We’re always looking for new ways to boost the health of our eyes, or watching out for lifestyle habits that can either negatively or positively impact vision. It’s a fairly well-known fact that the occasional glass of red wine is good for the heart, so what else is an occasional drink good for? Could it work to improve the strength of our eyes as well?
Currently research says that this concept is entirely possible. While further study into the area of occasional alcohol consumption and the health of our eyes is necessary, studies have indicated that partaking in occasional drinking may actually help to decrease the amount of vision loss as we age. Let’s look a bit further into this concept, as well as what vision decline and visual impairment actually are.
What is Visual Impairment and Visual Decline?
Visual impairment is a rather serious diagnosis. The term implies that you have an eye condition that has caused some level of vision loss. Visual impairment can be a result of a disease of the eye, a disease of the body that has affected the eyes (such as diabetes), or an eye injury. Furthermore, true visual impairment means that eyesight cannot be corrected through the use of corrective lenses (either glasses or contacts).
Visual decline is a situation in which your vision either slowly or quickly declines or decreases. You may go from having perfect eyesight to having severe degeneration in the eyes. This affects your visual acuity and can create a situation in which you can no longer do many of the things you’re used to, such as driving.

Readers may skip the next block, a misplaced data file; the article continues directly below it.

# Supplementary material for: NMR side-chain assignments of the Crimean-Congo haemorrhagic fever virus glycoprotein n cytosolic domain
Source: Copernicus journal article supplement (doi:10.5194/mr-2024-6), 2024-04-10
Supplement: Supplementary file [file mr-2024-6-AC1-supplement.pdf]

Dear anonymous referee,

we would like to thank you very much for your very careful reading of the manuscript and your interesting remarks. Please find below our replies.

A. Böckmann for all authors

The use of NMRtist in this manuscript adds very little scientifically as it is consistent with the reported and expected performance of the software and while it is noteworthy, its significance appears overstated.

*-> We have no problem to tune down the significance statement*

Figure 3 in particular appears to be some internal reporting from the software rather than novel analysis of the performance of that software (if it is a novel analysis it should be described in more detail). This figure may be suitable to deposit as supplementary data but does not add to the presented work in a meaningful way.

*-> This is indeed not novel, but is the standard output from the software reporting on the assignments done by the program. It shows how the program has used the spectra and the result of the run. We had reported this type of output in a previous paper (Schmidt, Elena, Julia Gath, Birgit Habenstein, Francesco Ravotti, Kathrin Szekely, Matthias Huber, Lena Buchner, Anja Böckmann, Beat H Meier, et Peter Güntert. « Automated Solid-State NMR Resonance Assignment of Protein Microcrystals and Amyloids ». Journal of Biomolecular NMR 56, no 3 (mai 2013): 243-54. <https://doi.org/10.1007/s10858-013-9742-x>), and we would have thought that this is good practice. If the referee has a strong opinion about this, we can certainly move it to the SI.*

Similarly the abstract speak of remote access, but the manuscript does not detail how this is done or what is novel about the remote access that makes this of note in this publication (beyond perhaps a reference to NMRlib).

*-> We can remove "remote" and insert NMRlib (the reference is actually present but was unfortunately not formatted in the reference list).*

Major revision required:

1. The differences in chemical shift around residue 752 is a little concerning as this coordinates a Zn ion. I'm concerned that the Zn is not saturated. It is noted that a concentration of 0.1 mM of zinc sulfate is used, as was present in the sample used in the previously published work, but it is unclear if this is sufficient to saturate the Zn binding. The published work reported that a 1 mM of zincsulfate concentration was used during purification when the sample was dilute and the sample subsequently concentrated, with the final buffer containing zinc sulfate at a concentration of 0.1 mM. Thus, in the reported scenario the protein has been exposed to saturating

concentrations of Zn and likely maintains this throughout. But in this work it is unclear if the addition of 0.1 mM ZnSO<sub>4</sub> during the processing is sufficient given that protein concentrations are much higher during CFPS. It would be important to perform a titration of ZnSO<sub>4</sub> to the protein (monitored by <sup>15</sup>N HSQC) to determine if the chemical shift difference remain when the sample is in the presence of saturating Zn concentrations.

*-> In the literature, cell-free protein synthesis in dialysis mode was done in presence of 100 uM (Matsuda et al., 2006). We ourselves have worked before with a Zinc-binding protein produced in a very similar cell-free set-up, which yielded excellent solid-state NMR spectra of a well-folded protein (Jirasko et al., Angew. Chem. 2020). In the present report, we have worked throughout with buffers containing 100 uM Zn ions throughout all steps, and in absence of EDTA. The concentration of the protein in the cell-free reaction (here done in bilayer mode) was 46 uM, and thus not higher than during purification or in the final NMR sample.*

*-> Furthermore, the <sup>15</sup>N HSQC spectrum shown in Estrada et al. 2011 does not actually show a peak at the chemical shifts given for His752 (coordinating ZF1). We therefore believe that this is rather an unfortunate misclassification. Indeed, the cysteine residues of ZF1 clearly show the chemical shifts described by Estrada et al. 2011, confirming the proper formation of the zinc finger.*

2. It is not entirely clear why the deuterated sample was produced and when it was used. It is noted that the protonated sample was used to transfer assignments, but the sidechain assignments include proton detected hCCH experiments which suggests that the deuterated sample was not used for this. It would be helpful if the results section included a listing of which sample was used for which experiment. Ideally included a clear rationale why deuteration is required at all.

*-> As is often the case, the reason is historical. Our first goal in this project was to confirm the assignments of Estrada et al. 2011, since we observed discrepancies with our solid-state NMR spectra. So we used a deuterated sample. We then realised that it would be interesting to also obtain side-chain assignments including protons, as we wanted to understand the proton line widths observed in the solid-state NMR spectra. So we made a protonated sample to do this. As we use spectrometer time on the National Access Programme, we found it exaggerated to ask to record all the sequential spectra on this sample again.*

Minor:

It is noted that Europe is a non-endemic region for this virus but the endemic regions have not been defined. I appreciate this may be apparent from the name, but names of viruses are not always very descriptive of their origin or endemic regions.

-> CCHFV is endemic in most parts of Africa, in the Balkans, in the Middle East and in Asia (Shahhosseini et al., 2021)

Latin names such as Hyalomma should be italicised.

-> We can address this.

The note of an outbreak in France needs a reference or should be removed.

The Prognosis for Occasional Drinking and Your Eyes
Current research has shown that individuals that drink the occasional glass of wine developed visual impairment issues at a lower rate than those that didn’t drink at all. The problem? So far, researchers aren’t sure whether the occasional drink is the cause of fewer visual problems, or whether these individuals were simply less likely to develop them from the start. Essentially, the cause and effect factor has yet to be determined.
Despite this fact, the news is extremely promising. This is especially true in light of the fact that a simple pleasure like a glass of wine could help promote the health of your eyes, and that lifestyle factors like this are completely within our power to change.
Furthermore, this research shows that a very small amount of drinking is completely okay. Alcohol frequently gets a bad rap for general health problems, as well as visual impairment issues. In fact, excessive chronic drinking can lead to serious visual impairment, so knowing that some level is okay, and that it is beneficial, offers a great deal of hope to the occasional wine drinker.
According to this study, occasional drinking is defined as having less than one serving of alcohol per week. Although this seems rather unrealistic, it gives you a picture of just how much alcohol is beneficial to your eyes.
Medically, occasional drinking is generally considered anywhere from one to three servings a week. Having a glass or two of wine a week is considered healthy, and although studies into the impact of this level of drinking on vision have not yet been recorded, this amount of alcohol per week is not considered heavy drinking.